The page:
In this month’s HerTake question, Nina answers a letter about a longstanding friendship between a man and a woman that the man’s wife objects to now (years later). How much influence does one spouse get to have on the other’s platonic friendships? And can a friendship successfully scale back from a higher level of closeness to something more casual?
I am uncertain about how to proceed in a longtime friendship that has seemingly created some tension in my friend’s marriage. By way of background, I am female and he is male, we met a long time ago in college, and our relationship has ALWAYS been platonic. I mean not even the “too much beer at a frat party” kind of kiss has ever even happened. Each of us has also been married for a long time; I am quite happily married and, for the most part, he has seemed happy in his too, minus a rough patch they had a few years ago (the details of which I do not know).
Although we attended college together, we have not lived geographically close since that time, so our communication has always been online. Before the advent of Facebook and texting, we kept in touch via intermittent email about life events (marriages, babies, jobs, etc.). Then when Facebook became de rigueur, we connected that way instead (though not much interaction happens there), and we text every once in a while (say, maybe once every month or two at most, usually about an article one of us read that the other might be interested in, asking about jobs, etc.). Once in a great while, like when he was going through something in his personal life that he needed another take on, a longer email might be exchanged, but that is very rare.
Like I do with virtually everyone in my life, I occasionally sign my texts/emails with a (what I thought to be) nonchalant “xo” to signify that I was “signing off” so to speak. Flash forward to now and it seems as though there is some kind of distress being felt by his spouse about several of his female texting friends who do this kind of thing, though it is unclear whether she considers me one of them too. Their marriage does appear to be on the brink and this all seems to have been the proverbial straw after she went through his phone recently. In not so many words, he alerted me about this, that his spouse reads his texts and will do more so now, and more or less told me to keep it “professional” going forward.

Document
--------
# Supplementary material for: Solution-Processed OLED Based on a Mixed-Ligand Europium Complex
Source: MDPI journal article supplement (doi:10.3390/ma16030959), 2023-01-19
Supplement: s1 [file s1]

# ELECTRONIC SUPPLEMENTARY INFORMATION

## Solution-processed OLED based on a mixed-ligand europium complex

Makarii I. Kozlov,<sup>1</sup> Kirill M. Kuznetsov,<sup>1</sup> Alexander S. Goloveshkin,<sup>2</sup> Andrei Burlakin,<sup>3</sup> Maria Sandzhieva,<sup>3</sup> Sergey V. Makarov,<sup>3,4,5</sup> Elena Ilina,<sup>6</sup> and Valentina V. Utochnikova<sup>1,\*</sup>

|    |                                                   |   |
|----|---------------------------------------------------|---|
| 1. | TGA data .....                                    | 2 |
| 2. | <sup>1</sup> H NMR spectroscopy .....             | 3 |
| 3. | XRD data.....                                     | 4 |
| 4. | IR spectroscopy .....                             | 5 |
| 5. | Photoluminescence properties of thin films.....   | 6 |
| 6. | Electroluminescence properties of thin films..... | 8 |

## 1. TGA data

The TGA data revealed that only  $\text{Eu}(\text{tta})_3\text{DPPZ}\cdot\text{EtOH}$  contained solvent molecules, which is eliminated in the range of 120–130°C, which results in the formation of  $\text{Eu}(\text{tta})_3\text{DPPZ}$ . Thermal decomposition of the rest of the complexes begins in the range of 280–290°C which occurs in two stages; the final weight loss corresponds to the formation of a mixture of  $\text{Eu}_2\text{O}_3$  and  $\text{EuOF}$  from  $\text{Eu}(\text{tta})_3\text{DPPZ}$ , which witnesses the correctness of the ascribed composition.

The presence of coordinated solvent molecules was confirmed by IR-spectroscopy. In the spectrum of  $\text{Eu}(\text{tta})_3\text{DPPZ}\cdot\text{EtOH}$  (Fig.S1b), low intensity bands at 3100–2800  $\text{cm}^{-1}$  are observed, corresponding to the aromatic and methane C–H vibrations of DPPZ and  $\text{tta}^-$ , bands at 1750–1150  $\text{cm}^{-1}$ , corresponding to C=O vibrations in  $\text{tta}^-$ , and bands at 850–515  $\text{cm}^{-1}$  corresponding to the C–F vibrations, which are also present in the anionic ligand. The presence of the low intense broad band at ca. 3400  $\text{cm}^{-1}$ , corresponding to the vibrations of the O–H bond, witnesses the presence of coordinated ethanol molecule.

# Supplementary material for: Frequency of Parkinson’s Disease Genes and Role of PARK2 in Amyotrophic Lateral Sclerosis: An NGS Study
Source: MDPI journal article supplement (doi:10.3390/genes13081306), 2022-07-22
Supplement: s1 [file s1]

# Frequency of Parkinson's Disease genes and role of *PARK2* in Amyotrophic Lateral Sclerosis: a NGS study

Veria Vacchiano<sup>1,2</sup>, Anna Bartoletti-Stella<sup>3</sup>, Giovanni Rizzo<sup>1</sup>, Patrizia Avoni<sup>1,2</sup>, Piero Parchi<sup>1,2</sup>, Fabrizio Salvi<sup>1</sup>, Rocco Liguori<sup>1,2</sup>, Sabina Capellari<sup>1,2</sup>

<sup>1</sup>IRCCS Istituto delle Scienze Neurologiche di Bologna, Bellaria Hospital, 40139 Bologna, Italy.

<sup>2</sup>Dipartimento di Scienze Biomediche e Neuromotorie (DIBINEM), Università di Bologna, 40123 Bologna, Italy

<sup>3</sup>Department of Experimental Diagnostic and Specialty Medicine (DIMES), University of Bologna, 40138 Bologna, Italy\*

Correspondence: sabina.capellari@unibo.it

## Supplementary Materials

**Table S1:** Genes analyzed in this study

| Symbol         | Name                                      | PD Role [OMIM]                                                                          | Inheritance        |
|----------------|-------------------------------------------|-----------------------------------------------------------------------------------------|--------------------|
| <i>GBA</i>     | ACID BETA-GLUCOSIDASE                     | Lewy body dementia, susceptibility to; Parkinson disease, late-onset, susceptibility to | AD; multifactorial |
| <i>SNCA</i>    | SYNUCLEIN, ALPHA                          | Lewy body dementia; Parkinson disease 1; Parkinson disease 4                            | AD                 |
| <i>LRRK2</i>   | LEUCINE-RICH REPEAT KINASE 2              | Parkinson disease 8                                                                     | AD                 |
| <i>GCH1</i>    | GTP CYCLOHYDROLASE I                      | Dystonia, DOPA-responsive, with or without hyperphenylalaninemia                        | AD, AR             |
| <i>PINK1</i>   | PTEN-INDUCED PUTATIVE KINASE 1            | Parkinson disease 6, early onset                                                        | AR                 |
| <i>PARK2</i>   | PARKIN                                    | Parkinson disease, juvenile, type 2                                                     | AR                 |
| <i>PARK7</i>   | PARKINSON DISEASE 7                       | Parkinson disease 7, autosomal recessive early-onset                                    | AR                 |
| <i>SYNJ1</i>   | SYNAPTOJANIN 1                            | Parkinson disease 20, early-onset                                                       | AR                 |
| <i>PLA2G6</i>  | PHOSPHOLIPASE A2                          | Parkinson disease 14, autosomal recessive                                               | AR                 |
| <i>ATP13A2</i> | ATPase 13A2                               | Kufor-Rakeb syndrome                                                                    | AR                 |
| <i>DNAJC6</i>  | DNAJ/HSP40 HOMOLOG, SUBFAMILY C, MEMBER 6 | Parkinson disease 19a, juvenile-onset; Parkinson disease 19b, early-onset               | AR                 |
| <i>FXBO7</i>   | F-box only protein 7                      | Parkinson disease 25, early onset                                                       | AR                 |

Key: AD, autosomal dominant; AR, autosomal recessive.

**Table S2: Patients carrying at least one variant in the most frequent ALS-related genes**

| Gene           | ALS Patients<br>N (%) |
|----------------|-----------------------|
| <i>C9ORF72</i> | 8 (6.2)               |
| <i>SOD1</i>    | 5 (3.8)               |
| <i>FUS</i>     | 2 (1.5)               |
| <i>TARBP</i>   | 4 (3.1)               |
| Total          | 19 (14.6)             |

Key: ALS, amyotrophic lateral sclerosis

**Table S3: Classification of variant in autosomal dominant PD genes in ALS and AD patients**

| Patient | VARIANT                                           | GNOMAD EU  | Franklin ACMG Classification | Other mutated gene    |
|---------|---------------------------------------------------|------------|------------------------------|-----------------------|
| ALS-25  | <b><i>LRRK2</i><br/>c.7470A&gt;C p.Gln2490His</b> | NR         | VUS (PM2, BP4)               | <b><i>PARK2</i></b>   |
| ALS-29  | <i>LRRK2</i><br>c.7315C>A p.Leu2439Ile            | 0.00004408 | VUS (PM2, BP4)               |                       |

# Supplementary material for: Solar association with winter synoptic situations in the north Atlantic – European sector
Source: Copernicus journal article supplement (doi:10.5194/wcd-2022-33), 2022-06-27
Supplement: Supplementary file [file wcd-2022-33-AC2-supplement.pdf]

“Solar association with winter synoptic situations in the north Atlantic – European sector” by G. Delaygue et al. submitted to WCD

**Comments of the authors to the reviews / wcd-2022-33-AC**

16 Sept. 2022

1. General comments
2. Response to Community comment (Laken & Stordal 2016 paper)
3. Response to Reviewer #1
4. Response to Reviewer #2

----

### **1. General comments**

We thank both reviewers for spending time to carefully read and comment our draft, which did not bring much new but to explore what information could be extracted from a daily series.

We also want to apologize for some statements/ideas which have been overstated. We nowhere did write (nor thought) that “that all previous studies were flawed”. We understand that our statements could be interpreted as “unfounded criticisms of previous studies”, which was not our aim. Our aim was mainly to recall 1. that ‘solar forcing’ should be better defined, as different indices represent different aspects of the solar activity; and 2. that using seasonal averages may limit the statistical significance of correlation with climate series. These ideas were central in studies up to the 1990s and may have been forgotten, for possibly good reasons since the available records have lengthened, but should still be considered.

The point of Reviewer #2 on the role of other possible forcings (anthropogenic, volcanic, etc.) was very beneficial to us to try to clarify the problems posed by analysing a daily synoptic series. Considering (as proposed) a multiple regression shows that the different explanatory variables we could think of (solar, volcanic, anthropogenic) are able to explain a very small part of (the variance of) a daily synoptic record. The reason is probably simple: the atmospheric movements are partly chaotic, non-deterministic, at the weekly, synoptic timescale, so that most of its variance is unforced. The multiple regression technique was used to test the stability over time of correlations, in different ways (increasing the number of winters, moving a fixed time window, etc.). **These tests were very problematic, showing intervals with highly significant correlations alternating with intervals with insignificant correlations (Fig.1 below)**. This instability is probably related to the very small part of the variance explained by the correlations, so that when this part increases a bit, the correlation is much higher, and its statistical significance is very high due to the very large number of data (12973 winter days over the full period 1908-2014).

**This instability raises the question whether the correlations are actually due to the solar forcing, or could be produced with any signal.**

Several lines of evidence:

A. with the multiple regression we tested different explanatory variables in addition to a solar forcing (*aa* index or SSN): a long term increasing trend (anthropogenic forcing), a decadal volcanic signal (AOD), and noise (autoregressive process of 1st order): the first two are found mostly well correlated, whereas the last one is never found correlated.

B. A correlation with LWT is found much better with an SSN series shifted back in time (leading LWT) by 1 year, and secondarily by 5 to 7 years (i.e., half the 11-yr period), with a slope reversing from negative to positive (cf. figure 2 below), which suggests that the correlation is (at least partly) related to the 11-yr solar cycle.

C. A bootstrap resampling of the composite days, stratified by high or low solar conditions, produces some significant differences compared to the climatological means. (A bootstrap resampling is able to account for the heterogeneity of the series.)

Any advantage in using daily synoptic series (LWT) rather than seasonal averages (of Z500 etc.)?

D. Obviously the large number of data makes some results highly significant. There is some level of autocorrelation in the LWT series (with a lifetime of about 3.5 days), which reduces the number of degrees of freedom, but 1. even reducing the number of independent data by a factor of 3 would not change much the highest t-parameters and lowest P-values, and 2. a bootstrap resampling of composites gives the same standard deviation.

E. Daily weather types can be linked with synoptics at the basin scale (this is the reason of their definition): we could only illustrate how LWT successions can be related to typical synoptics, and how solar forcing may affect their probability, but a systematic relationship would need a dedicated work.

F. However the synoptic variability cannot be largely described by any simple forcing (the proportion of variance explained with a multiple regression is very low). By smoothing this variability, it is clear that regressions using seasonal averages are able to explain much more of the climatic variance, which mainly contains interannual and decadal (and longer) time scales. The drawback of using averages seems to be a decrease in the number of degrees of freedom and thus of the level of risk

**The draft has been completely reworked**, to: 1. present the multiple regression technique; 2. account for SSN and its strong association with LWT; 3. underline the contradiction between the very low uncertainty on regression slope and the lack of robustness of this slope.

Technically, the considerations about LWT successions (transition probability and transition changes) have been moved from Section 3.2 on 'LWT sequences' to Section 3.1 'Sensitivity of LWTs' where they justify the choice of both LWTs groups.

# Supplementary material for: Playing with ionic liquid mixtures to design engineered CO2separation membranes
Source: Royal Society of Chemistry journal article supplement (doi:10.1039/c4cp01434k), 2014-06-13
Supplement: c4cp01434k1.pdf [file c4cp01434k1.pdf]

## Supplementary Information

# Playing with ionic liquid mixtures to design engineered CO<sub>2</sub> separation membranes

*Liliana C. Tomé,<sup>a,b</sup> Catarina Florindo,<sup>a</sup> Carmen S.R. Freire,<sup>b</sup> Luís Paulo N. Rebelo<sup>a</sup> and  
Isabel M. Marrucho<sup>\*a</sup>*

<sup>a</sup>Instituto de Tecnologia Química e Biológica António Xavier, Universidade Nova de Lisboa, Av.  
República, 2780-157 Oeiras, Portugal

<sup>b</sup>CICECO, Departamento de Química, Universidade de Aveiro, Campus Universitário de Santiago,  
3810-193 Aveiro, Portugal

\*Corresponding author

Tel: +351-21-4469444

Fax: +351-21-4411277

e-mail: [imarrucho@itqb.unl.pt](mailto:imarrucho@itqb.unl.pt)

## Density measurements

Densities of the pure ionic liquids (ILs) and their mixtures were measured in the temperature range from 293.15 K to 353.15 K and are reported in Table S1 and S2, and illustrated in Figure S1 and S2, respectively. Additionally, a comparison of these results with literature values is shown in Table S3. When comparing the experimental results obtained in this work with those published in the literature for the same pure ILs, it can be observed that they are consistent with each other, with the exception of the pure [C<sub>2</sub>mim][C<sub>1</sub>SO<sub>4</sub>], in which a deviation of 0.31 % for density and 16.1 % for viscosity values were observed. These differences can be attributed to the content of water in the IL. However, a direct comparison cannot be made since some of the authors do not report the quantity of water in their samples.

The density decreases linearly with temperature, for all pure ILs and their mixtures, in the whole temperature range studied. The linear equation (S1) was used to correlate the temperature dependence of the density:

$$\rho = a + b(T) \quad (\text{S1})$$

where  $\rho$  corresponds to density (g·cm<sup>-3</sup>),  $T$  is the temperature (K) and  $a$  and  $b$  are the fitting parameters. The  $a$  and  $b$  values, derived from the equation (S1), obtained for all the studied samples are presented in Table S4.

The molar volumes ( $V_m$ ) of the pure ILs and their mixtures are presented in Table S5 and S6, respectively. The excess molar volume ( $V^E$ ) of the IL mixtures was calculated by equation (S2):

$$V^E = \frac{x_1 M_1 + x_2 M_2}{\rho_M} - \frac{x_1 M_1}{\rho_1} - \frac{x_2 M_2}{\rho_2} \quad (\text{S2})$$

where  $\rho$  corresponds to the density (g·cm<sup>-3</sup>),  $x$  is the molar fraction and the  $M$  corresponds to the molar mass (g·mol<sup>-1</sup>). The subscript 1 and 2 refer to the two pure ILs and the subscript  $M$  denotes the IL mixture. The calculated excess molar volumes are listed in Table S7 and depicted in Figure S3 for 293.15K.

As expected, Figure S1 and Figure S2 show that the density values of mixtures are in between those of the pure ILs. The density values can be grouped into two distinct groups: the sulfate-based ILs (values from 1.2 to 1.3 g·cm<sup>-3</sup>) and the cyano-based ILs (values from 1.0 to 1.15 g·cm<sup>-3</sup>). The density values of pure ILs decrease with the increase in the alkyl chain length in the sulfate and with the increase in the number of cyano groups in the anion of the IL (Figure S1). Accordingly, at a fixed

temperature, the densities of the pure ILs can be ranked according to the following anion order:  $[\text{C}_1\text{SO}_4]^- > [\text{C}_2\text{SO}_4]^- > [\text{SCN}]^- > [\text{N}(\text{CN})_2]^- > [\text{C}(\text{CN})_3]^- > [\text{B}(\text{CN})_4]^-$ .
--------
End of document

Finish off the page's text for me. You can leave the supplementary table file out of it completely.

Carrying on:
This has left me feeling very uncertain about how (or whether) to proceed in our friendship. I want him, above all else, to work out his marriage problems because he is my friend. And though I can certainly eliminate the “xo” from our communications (and will!), I feel like I cannot be myself anymore and that I am being monitored by his wife despite a completely platonic relationship. If anyone is sensitive to this kind of thing, it is me having witnessed a close family member deal with an extramarital affair. Is this friendship salvageable, and how? How does one go from being fairly close for almost two decades to feeling like it must be limited to small talk?
Not The Other Woman
Dear Not The Other Woman,
I see two questions in your letter. First, how much influence should one spouse have on the other spouse’s friendships? Second, can a friendship successfully scale back from a higher level of closeness to something more casual?
Some readers may wonder about the underlying question of the viability of platonic relationships when one or both participants of that friendship are married or committed to other people. In April 2015, I received a letter from a married woman who missed having male friends in her life. Since this woman works from home, she finds that the only men she interacts with on a regular basis are her friends’ husbands, and she doesn’t find conversation with any of them particularly stimulating. She wanted to know if a friendship with a man was worth pursuing for its own sake.